During the past few years, the news media have publicized „alternative“ methods in ways that are causing great public confusion. Most of these reports have contained no critical evaluation and have featured the views of proponents and their satisfied clients. Many have exaggerated the significance of the National Institutes of Health (NIH)’s Office of Alternative Medicine (OAM)—now called the Center for Research in Alternative and Complementary Medicine—whose creation was spearheaded by promoters of questionable cancer therapies who wanted more attention paid to their methods. Most of the its advisory panel members have been promoters of „alternative“ therapies. In 1994, the OAM’s first director resigned, charging that political interference had hampered his ability to carry out OAM’s mission in a scientific manner . The OAM has funded several dozen studies related to „alternative“ methods, including a few related to cancer treatment. However, it remains to be seen whether such research will yield useful results. Even if it does, the benefit is unlikely to outweigh the publicity bonanza given to questionable methods. Some of today’s „alternative“ methods are described below in alphabetical order. Longer reports on many of the methods can be accessed by following the hyperlinks.
Stanislaw R. Burzynski, M.D., has given the name „antineoplastons“ to substances he claims can „normalize“ cancer cells that are constantly being produced within the body. He has published many papers stating that antineoplastons extracted from urine or synthesized in his laboratory have proven effective against cancer in laboratory experiments. He also claims to have helped many people with cancer get well. A 1992 analysis concluded that none of Burzynski’s „antineoplastons“ has been proven to normalize tumor cells .
In 1988, Burzynski got a tremendous boost when talk-show hostess Sally Jesse Raphael featured four „miracles,“ patients of Burzynski, who she said were cancer-free. The patients stated that Burzynski had cured them when conventional methods had failed. In 1992, „Inside Edition“ reported that two of the four patients had died and a third was having a recurrence of her cancer. (The fourth patient had bladder cancer, which has a good prognosis.) The widow of one of Raphael’s guests stated that her husband and five others from the same city had sought treatment after learning about Burzynski from a television broadcast—and that all had died of their disease. In 1995, a federal grand jury indicted Burzynski for mail fraud and marketing an unapproved drug. The indictment charged that he had billed insurance companies using procedure codes for chemotherapy, even though his treatment was not chemotherapy. He was tried in 1997 but not convicted.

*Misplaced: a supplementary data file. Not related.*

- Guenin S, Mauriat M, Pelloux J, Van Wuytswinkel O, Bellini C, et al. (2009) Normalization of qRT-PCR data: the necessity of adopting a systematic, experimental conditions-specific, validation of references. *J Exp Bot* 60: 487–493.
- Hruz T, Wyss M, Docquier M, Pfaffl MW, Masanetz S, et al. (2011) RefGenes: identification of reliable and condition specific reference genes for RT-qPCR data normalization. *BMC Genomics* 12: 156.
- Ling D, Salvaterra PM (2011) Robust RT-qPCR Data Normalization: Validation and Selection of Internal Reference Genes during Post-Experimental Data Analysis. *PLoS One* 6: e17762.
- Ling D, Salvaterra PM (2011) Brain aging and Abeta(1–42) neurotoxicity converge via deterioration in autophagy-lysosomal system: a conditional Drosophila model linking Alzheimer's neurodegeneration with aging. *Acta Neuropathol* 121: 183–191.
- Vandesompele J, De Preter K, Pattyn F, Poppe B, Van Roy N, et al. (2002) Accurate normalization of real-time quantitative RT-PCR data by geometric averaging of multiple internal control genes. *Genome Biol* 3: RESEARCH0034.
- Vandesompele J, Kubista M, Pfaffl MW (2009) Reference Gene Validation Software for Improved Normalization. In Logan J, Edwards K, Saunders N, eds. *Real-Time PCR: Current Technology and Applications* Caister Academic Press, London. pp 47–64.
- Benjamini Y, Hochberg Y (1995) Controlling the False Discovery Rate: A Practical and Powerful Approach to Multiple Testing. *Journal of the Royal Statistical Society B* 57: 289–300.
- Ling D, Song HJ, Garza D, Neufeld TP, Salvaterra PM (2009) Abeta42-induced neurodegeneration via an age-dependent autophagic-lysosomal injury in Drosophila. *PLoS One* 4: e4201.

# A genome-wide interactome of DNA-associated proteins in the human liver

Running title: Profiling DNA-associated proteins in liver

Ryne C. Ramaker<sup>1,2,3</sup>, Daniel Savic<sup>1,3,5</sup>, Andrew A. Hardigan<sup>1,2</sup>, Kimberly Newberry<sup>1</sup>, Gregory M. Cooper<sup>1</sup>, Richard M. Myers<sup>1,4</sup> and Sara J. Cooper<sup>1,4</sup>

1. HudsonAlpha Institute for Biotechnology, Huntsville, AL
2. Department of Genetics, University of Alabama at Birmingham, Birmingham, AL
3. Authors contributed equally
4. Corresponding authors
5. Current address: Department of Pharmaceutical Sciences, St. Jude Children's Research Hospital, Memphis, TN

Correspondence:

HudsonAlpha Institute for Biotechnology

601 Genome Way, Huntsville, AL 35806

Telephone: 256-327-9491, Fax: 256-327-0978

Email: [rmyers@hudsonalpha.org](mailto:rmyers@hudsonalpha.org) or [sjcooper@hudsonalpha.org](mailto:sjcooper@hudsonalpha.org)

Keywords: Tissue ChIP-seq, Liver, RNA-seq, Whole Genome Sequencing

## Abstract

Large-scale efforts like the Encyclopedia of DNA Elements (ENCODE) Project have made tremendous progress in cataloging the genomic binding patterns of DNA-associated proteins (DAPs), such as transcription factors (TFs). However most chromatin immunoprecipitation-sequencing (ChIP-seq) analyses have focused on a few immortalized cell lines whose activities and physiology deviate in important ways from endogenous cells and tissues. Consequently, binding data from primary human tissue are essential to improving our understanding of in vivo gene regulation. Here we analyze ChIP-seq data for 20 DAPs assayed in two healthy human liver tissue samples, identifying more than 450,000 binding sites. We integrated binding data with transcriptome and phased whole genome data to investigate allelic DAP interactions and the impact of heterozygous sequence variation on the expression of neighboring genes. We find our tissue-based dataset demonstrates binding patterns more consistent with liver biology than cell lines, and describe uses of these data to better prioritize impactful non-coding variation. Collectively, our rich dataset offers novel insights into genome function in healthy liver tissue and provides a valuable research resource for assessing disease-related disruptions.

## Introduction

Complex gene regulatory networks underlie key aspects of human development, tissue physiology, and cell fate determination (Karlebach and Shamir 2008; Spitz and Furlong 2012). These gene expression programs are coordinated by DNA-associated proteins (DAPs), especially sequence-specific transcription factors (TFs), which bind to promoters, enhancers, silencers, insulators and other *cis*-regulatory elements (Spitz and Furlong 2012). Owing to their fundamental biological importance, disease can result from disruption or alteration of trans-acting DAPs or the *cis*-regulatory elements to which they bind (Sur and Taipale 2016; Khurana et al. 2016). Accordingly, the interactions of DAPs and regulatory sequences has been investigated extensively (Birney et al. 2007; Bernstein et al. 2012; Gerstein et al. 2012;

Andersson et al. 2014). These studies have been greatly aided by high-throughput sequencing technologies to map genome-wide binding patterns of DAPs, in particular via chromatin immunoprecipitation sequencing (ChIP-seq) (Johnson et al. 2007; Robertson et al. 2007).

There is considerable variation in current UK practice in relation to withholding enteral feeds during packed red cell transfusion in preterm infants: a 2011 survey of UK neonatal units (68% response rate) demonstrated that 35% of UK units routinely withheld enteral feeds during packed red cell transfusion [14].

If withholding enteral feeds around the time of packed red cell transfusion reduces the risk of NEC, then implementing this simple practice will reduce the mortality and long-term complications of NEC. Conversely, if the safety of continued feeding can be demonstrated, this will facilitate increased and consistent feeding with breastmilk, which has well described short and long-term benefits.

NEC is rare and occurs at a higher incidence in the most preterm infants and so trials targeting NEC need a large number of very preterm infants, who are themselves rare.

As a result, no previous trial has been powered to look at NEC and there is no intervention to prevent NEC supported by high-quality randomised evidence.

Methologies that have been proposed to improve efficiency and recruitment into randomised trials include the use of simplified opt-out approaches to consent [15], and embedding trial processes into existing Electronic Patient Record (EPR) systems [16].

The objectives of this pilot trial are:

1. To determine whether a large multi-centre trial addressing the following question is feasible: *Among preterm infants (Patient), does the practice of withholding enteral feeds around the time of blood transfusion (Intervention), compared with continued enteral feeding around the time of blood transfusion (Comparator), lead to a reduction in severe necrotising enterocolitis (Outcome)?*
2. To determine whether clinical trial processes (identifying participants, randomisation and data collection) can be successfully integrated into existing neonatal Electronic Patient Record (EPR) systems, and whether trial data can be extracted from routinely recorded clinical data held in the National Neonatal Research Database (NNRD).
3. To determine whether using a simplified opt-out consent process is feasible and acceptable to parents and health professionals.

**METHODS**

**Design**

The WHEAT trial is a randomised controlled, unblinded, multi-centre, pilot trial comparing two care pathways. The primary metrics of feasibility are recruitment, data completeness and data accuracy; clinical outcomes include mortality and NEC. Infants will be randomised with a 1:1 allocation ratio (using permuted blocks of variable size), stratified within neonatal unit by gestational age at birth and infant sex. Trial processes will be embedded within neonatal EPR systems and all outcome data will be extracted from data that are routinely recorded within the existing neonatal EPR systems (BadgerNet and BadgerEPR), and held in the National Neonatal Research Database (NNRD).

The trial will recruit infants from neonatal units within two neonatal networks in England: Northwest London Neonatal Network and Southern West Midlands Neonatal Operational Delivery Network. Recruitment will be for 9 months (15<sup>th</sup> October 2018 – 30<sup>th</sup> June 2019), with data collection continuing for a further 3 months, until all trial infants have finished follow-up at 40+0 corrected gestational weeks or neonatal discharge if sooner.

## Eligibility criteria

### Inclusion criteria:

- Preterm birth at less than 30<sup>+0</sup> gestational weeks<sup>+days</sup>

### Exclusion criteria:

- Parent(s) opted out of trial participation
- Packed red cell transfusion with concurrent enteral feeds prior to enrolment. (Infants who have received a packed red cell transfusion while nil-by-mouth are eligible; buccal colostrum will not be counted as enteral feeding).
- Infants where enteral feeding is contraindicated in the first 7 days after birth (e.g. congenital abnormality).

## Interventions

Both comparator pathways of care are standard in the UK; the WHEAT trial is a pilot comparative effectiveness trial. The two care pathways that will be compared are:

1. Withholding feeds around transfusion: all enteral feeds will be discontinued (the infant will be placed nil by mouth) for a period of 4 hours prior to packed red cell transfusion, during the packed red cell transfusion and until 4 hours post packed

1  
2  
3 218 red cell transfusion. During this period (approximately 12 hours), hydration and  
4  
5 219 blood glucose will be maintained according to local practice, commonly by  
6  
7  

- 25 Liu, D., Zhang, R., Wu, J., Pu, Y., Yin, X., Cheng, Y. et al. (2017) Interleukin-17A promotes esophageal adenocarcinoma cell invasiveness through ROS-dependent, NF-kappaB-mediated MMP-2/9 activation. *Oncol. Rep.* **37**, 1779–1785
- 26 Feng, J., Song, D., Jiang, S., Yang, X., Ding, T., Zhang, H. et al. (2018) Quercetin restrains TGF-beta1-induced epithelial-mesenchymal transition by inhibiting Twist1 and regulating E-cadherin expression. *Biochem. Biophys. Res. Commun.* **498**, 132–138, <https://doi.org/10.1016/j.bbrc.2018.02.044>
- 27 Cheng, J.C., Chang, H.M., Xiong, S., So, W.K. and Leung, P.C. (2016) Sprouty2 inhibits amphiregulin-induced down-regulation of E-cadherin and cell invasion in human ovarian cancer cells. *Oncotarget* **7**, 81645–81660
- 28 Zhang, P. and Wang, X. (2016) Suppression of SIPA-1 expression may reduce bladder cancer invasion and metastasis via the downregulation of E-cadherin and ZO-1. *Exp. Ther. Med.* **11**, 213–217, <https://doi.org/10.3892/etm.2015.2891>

In 1998, the Texas Attorney General secured a consent agreement stating that Burzynski: (a) cannot distribute unapproved drugs in Texas; (b) can distribute „antineoplastons“ only to patients enrolled in FDA approved clinical trials, unless the FDA approves his drugs for sale; (c) cannot advertise „antineoplastons“ for the treatment of cancer; and (d) on his website and in promotional material and ads must place a disclaimer that the safety and effectiveness of „antineoplastons“ have not been established. The agreement also called for Burzynski to pay $50,000 to reimburse the Attorney General’s office and the Texas Health Department for the cost of their investigation . The Cancer Letter subsequently noted that although Burzynski has set up many „clinical trials,“ they do not conform to usual standards .
CanCell—originally called Entelev and recently renamed Cantron and Protocel—is a liquid claimed to cure cancer by „lowering the voltage of the cell structure by about 20%,“ causing cancer cells to „digest“ and be replaced with normal cells. Accompanying directions have warned that bottles of CanCell should not be allowed to touch each other or be placed near any electrical appliance or outlet. CanCell has also been promoted for the treatment of AIDS, amyotrophic lateral sclerosis, multiple sclerosis, Alzheimer’s disease, „extreme cases of emphysema and diabetes,“ and several other diseases. In 1989, the FDA reported that CanCell contained inositol, nitric acid, sodium sulfite, potassium hydroxide, sulfuric acid, and catechol. Subsequently, its promoters claimed to be modifying the formulation to make it more effective . They have also claimed that CanCell can’t be analyzed because it varies with atmospheric vibrations and keeps changing its energy . Laboratory tests conducted between 1978 and 1991 by the NCI found no evidence that CanCell was effective against cancer. The FDA has obtained an injunction forbidding its distribution to patients.
Cell Specific Cancer Therapy (also called Zoetron Therapy)